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Site U1385 | Site U1386 | Site U1387 | Site U1388 | Site U1390 | Site U1391

IODP Expedition 339:
Mediterranean Outflow

Site U1389 Summary

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Background and objectives

Site U1389 (proposed site GC-11A) is located on the southern Iberian Margin (36°25.515' N and 7°16.683' W) about 90 km W of the Spanish city of Cadiz, in a water depth of 644 m. This is one of two sites in the 'channels and ridges' sector of the larger Cadiz Contourite Depositional System (CDS). It is perched on a relative topographic high, which is currently elevated 50-250 m above the flanking contourite channels, and lies approximately 4 km NW of the of the Guadalquivir >diapiric ridge.

We designate this as the Huelva sheeted/patch drift, which is in fact a small remnant of a much larger middle-slope sheeted drift system that has been dissected by several contourite channels. Huelva Channel lies along the northern flank and Guadalquivir Channel along the southern flank of Huelva drift. On seismic profiles it shows a well-layered internal acoustic structure with laterally extensive, mainly >aggradational seismic depositional units, and widespread discontinuities. There is a complex erosional-depositional relationship between drift and flanking channel. Huelva drift has been developing in this region over the past 4 million years, at least, and is presently under the influence of the Lower Core of the Mediterranean Outflow Water (MOW).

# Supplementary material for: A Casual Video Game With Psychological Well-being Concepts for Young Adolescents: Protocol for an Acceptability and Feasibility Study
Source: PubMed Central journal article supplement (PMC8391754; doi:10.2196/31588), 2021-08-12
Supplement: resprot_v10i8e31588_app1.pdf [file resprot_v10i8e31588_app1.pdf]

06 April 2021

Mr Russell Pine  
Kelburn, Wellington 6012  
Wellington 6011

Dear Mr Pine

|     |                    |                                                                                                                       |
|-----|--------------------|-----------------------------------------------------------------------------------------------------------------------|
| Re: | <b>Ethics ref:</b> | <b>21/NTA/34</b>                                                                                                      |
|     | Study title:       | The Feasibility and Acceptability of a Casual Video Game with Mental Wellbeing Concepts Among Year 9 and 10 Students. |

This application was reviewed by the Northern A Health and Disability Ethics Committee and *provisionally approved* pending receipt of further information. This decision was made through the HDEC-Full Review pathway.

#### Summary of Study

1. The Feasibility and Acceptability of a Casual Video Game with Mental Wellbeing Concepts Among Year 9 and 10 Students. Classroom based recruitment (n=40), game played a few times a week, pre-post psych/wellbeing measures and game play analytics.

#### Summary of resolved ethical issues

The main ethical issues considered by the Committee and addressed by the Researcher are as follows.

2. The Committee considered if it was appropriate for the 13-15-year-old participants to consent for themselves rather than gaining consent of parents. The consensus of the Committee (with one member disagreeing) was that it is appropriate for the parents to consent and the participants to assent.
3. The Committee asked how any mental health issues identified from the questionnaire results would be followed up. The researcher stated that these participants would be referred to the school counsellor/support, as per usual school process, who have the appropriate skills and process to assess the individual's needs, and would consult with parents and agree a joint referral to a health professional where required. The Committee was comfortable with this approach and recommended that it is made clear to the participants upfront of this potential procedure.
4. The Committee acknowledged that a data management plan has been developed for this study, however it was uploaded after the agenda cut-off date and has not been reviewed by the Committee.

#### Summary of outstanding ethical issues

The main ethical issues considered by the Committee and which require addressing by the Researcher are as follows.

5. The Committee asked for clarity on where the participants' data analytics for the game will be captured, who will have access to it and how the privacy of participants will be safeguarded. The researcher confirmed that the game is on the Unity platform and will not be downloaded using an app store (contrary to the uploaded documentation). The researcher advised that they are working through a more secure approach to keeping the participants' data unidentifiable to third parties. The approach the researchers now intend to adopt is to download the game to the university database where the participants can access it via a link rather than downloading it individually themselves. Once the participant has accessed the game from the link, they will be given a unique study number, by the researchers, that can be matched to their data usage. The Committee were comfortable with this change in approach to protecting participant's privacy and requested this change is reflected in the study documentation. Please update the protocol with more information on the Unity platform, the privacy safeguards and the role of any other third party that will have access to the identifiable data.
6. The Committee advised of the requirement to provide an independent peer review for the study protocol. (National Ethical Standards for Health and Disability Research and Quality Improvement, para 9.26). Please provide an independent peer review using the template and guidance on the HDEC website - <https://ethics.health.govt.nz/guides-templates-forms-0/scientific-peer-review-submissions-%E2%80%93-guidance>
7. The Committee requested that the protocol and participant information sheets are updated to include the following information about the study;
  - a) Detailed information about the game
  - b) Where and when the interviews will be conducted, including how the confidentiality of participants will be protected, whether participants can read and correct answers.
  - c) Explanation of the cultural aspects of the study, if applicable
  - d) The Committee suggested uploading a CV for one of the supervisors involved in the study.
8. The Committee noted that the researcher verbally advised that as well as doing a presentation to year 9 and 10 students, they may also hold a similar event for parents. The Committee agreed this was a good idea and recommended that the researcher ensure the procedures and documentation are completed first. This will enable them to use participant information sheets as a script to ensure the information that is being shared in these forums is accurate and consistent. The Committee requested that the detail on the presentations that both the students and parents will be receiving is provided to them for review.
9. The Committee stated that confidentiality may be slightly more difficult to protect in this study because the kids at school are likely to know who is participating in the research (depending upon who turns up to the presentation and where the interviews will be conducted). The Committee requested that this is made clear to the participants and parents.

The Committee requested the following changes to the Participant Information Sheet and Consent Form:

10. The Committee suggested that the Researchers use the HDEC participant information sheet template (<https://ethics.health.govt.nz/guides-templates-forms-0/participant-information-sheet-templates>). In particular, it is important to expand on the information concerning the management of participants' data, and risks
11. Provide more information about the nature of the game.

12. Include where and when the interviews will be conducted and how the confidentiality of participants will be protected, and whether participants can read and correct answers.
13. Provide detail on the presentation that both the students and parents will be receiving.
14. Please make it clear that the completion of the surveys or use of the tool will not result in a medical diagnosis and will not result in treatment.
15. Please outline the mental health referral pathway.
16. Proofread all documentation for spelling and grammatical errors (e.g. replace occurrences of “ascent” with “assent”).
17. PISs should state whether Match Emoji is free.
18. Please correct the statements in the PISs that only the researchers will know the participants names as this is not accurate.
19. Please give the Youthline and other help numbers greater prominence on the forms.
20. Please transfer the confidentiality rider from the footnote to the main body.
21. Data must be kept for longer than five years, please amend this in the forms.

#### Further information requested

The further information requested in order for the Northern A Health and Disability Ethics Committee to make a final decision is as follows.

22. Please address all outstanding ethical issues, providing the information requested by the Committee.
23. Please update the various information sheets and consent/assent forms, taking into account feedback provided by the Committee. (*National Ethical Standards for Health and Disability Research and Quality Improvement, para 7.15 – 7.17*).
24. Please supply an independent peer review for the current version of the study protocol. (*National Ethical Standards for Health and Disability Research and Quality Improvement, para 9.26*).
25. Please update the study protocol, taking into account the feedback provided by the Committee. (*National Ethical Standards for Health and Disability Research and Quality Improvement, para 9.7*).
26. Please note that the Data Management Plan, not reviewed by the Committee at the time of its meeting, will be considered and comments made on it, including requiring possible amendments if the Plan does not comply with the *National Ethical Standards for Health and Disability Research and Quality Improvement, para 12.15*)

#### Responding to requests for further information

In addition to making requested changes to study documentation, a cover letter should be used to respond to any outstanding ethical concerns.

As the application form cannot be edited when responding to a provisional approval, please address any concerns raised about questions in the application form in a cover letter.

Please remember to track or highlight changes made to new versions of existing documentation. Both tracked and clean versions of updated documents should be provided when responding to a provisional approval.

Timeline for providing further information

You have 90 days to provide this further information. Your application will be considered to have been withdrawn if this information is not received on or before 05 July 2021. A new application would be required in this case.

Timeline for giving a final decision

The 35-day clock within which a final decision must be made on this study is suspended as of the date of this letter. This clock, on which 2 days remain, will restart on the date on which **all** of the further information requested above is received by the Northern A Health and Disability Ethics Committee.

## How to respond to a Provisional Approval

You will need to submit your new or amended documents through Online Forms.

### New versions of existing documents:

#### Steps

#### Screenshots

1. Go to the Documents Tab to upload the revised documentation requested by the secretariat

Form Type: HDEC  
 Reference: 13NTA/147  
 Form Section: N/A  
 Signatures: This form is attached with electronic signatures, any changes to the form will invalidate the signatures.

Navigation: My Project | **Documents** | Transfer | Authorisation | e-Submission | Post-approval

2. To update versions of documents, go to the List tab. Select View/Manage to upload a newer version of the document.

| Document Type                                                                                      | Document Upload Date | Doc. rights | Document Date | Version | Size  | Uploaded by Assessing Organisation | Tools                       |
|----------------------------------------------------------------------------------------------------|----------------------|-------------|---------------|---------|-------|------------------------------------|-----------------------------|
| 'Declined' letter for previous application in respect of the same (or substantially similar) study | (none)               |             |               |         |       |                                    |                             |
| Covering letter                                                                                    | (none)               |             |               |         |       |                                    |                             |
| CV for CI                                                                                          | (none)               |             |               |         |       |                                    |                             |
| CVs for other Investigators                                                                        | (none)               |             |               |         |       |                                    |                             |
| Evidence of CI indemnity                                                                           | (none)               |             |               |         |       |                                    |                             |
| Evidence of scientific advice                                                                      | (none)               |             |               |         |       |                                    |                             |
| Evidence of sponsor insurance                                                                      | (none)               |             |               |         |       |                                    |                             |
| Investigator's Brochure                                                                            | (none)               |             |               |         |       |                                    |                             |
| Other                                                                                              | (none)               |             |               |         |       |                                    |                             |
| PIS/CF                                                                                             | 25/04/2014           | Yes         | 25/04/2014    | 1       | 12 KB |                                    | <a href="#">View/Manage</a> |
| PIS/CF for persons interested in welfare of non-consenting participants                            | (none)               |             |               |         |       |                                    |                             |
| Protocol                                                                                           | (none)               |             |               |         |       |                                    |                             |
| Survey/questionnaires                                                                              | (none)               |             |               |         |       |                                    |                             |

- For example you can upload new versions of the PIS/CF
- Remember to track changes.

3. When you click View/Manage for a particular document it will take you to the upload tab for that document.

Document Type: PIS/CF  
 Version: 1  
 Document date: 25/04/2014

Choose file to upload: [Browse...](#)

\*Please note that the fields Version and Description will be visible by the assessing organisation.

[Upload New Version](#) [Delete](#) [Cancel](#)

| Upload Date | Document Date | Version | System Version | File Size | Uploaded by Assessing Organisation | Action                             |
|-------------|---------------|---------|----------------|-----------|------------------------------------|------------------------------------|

Our primary objective at this site was to recover a Pliocene, Pleistocene and Holocene sedimentary succession formed under the influence of the Lower Core of MOW, and so to compare this record with that found at Sites U1386 and U1387, which formed under the Upper Core of MOW.

Site U1389 was occupied on 21 December 2011. Five holes were drilled and cored using the advanced piston corer (APC), the extended core barrel (XCB), and the rotary core barrel (RCB) system, achieving the target depth of 990 m in the fifth hole, U1389E. Downhole logging was carried out at Holes U1389A and U1389E using the Triple Combo, FMS-Sonic and VSI tool strings. Overall recovery for Site U1389 was 307 m (104%) with the APC, 464 m (91%) with the XCB, and 352 m (54%) with the RCB. The total cored interval for Site U1389 was 1463.4 m and total recovery was 1123.5 m (77%).

Main results